I saw that Queensrÿche was playing the Fillmore at the beginning of June and I jumped at this show too. They have a fascinating new album out called American Soldier based on recorded interviews conducted by lead singer Geoff Tate with men and woman who have served our country. It was inspired by Tate's father who served in Korea and in Vietnam. Tate told the Fillmore audience that his father never liked talking about his wartime experiences but got him to talk in an interview. This album is not an anti-war album, it's a pro-soldier album.
Tate stated that Queensrÿche has many fans in the armed forces and appreciates what they've done for the United States and "allow us to live the way we live." Earlier this spring they scheduled Military Base Signings open to service men and women only.
These are snippets of Tates's stage banter and photos from the Queensrÿche San Francisco show at the Fillmore on June 4th, 2009.
"Vietnam veterans came home to a very divided country. They were called 'baby killers' and people spat in their faces. We've come a long way since then."
Tate reminised about listening to Queensrÿche on vinyl records and appealed to Bay Area mentality. The audience cheered.
"Are cheering because you like vinyl?" he asked "You mean you like the idea of people being made to sit and actually listen to music? Wow. I'm giddy. The record industy must have it wrong (with mp3s)."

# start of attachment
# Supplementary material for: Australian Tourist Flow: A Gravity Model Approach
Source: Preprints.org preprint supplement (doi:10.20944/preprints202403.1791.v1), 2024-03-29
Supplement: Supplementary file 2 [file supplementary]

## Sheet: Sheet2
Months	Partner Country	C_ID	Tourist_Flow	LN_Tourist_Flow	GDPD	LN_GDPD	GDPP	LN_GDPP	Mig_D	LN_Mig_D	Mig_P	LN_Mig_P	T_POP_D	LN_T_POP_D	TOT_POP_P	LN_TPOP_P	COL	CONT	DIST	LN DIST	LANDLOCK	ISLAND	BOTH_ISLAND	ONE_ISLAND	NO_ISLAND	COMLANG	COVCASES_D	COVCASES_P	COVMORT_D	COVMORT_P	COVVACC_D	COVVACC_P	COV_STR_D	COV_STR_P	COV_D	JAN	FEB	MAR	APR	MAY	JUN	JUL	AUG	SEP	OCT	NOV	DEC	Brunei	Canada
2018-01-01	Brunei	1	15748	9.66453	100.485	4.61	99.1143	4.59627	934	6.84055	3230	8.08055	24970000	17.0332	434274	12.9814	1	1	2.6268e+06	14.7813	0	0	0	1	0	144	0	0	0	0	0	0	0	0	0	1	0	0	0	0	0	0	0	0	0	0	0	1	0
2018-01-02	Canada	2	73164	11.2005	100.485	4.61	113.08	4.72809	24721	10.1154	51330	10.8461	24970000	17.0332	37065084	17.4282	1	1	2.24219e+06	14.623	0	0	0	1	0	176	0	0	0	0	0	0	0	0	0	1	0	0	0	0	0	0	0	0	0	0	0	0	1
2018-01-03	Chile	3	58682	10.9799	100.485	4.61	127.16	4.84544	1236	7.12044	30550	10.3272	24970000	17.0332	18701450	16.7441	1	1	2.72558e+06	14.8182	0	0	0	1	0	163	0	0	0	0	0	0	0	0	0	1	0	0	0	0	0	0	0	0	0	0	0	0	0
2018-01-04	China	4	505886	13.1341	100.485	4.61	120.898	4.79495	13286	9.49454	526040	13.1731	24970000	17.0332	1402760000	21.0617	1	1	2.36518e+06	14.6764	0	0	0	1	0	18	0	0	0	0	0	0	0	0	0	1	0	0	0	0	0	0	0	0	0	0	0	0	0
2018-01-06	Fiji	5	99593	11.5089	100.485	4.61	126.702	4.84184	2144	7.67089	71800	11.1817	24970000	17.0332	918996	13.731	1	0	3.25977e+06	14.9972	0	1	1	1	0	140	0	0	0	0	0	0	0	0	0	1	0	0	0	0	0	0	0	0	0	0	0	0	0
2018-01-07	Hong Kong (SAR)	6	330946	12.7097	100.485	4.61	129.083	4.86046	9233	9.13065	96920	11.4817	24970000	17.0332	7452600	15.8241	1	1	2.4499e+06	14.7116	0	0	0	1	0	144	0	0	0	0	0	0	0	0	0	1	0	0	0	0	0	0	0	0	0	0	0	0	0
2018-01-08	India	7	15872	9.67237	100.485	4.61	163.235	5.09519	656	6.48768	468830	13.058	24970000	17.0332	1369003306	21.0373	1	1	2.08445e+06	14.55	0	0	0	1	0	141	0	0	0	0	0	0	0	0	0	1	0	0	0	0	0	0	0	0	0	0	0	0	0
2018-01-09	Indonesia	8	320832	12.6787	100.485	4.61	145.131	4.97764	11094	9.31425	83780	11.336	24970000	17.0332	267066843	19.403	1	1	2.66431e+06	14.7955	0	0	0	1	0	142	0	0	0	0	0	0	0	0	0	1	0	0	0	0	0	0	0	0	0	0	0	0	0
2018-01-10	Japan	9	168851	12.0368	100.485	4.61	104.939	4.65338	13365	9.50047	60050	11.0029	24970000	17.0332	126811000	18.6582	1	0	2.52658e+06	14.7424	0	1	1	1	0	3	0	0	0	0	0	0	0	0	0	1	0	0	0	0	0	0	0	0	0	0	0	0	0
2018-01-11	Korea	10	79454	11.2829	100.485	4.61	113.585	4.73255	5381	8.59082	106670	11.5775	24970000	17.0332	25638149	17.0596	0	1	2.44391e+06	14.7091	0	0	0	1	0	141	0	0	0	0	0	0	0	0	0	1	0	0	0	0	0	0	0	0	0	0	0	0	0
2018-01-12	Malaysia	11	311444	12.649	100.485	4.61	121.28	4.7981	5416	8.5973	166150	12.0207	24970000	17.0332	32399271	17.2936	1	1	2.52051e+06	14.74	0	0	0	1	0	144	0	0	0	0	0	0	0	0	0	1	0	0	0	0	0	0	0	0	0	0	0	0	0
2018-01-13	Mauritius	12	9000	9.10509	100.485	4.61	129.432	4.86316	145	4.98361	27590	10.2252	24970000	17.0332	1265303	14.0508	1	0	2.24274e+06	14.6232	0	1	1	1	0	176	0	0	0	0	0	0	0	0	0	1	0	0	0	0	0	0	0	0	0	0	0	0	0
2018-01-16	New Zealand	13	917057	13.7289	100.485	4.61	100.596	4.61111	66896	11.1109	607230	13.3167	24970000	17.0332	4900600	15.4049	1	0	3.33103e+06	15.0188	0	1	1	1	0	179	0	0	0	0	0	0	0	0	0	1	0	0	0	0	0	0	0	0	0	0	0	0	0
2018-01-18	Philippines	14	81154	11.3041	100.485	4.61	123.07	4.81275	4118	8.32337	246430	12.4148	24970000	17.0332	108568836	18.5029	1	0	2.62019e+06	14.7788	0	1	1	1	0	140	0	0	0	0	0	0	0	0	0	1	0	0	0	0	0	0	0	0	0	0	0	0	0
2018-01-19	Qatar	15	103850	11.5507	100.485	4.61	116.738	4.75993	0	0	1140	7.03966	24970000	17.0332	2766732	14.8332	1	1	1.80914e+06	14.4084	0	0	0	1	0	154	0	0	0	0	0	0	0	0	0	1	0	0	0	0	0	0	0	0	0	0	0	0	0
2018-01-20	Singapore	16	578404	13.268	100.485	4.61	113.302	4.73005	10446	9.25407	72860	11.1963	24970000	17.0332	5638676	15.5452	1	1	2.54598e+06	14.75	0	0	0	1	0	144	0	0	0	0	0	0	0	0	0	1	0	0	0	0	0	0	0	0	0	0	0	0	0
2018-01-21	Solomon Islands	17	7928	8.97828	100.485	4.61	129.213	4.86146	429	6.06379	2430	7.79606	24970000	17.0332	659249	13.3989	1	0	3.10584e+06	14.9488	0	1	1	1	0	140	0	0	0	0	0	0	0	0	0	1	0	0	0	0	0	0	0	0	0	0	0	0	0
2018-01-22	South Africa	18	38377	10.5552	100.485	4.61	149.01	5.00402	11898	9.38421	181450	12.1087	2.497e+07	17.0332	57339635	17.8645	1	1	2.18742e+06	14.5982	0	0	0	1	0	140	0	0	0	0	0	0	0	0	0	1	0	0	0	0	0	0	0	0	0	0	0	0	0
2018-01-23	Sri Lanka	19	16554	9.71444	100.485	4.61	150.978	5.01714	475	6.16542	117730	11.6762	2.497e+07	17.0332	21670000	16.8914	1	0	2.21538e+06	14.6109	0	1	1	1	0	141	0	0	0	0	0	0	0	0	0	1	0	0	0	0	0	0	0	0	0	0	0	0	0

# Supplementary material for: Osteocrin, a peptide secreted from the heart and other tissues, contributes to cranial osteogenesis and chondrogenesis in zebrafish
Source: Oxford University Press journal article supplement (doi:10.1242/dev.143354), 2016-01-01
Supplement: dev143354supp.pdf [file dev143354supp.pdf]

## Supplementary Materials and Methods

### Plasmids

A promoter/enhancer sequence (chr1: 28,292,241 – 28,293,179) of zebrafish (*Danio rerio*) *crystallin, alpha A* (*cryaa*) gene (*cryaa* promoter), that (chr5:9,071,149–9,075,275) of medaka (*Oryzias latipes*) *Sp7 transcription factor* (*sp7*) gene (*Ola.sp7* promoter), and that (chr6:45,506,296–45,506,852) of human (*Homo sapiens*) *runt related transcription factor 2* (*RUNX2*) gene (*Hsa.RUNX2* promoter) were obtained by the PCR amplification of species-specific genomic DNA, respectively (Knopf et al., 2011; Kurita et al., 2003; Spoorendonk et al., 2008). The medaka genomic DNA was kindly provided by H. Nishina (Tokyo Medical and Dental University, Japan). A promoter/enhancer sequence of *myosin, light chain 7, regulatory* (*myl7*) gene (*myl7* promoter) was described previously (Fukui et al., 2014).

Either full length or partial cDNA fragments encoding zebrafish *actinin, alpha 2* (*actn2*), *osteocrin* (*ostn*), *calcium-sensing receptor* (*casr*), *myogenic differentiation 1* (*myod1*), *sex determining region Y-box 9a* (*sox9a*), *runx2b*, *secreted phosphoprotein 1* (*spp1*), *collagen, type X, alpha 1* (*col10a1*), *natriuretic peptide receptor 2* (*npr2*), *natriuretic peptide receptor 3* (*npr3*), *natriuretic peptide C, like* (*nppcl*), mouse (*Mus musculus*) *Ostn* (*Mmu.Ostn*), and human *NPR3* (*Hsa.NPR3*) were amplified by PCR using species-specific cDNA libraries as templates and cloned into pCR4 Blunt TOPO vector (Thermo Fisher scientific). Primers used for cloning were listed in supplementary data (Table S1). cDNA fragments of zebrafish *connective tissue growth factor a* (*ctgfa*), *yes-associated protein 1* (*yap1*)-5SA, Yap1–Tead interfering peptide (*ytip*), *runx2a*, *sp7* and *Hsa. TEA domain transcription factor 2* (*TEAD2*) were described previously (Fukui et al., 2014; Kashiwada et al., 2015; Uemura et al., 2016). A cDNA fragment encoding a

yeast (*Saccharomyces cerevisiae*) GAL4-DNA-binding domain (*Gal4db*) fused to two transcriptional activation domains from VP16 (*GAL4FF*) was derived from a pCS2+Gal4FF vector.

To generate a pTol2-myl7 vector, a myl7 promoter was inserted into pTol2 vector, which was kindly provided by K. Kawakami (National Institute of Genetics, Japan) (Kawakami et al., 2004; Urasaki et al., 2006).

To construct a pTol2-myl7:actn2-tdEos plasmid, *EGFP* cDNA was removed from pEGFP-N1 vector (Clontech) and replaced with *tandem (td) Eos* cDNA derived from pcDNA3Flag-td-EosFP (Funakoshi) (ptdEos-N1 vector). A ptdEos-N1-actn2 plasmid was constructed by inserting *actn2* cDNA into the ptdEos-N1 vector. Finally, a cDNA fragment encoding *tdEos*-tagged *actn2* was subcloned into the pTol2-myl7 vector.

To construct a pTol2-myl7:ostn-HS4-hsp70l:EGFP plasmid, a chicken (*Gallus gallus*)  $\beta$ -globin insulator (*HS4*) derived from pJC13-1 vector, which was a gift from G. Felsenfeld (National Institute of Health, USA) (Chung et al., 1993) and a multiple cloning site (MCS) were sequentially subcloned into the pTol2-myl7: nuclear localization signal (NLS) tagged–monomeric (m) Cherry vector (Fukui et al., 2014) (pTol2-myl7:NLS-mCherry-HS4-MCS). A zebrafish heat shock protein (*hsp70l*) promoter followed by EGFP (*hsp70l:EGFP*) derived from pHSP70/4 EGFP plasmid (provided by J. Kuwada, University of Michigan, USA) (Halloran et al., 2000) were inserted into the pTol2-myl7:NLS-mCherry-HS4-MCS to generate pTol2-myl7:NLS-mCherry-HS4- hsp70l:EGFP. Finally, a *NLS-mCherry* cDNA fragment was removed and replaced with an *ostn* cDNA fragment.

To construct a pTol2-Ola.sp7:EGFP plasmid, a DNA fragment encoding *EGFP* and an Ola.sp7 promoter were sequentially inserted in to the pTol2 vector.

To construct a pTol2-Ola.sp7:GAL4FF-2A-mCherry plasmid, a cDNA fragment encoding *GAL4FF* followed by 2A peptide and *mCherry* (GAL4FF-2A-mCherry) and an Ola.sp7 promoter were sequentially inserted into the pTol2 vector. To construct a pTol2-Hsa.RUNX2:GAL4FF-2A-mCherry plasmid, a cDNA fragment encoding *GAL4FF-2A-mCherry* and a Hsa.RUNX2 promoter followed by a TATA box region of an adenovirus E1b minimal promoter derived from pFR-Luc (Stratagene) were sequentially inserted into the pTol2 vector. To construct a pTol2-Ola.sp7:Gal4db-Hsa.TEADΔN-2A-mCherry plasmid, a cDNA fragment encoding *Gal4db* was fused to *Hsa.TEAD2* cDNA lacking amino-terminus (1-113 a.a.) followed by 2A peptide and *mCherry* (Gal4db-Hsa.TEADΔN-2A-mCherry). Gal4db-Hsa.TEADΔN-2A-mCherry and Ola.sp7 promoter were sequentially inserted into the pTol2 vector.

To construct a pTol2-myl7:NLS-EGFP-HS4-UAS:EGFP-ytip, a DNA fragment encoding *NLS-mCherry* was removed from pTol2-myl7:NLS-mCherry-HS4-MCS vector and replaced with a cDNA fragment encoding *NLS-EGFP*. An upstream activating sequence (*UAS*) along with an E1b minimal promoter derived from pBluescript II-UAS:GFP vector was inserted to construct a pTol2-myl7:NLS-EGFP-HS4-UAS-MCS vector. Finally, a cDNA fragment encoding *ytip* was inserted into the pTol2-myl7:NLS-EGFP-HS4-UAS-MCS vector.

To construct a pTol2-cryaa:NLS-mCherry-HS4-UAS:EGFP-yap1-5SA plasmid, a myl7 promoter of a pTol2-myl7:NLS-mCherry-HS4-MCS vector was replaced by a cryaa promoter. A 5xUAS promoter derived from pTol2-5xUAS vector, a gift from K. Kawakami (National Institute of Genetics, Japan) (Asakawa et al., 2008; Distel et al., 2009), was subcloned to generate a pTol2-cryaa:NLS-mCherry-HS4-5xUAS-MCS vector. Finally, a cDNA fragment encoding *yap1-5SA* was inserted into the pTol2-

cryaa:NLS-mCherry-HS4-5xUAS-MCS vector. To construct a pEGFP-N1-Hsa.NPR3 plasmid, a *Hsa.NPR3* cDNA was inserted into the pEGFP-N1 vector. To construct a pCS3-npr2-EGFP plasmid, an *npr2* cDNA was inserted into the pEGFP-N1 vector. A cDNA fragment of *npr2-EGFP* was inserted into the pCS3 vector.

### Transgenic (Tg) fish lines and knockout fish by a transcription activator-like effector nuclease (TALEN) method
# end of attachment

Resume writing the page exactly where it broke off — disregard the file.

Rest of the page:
After the show I had the honor of meeting the band. They signed my ticket stub! Check out the the wall of Fillmore posters in the back.
Thursday, July 16, 2009
Love the infamous bass line on the baritone saxophone.
Now I'm looking for more interesting MJ covers, send one my way!
Wednesday, July 15, 2009
Monday, July 13, 2009
Friday, July 10, 2009
Tuesday, July 7, 2009
In honor of Girls Rock Camp this week occurring in Oakland this week, I am celebrating women in music, past, present and future.
Today I want to celebrate Bessie Smith, definitely one of the greatest influences on women (and men!) in music today, and possibly the first music video star as well.
Rhythm & Blues
Monday, July 6, 2009
Why girls? Why a Girls Rock Camp?
Someone has actually asked me that.
Have you ever watched Mtv? (Especially now that it only schedules reality television.) Have you seen the dozens of blatant sexualized covers of RollingStone Magazine?
Why are there so many more men in popular music than women? And why are most of the women in popular music singers? Where are all the female instrumentalists?
Do you want to see more women on TV being real women rather than over sexed school girls?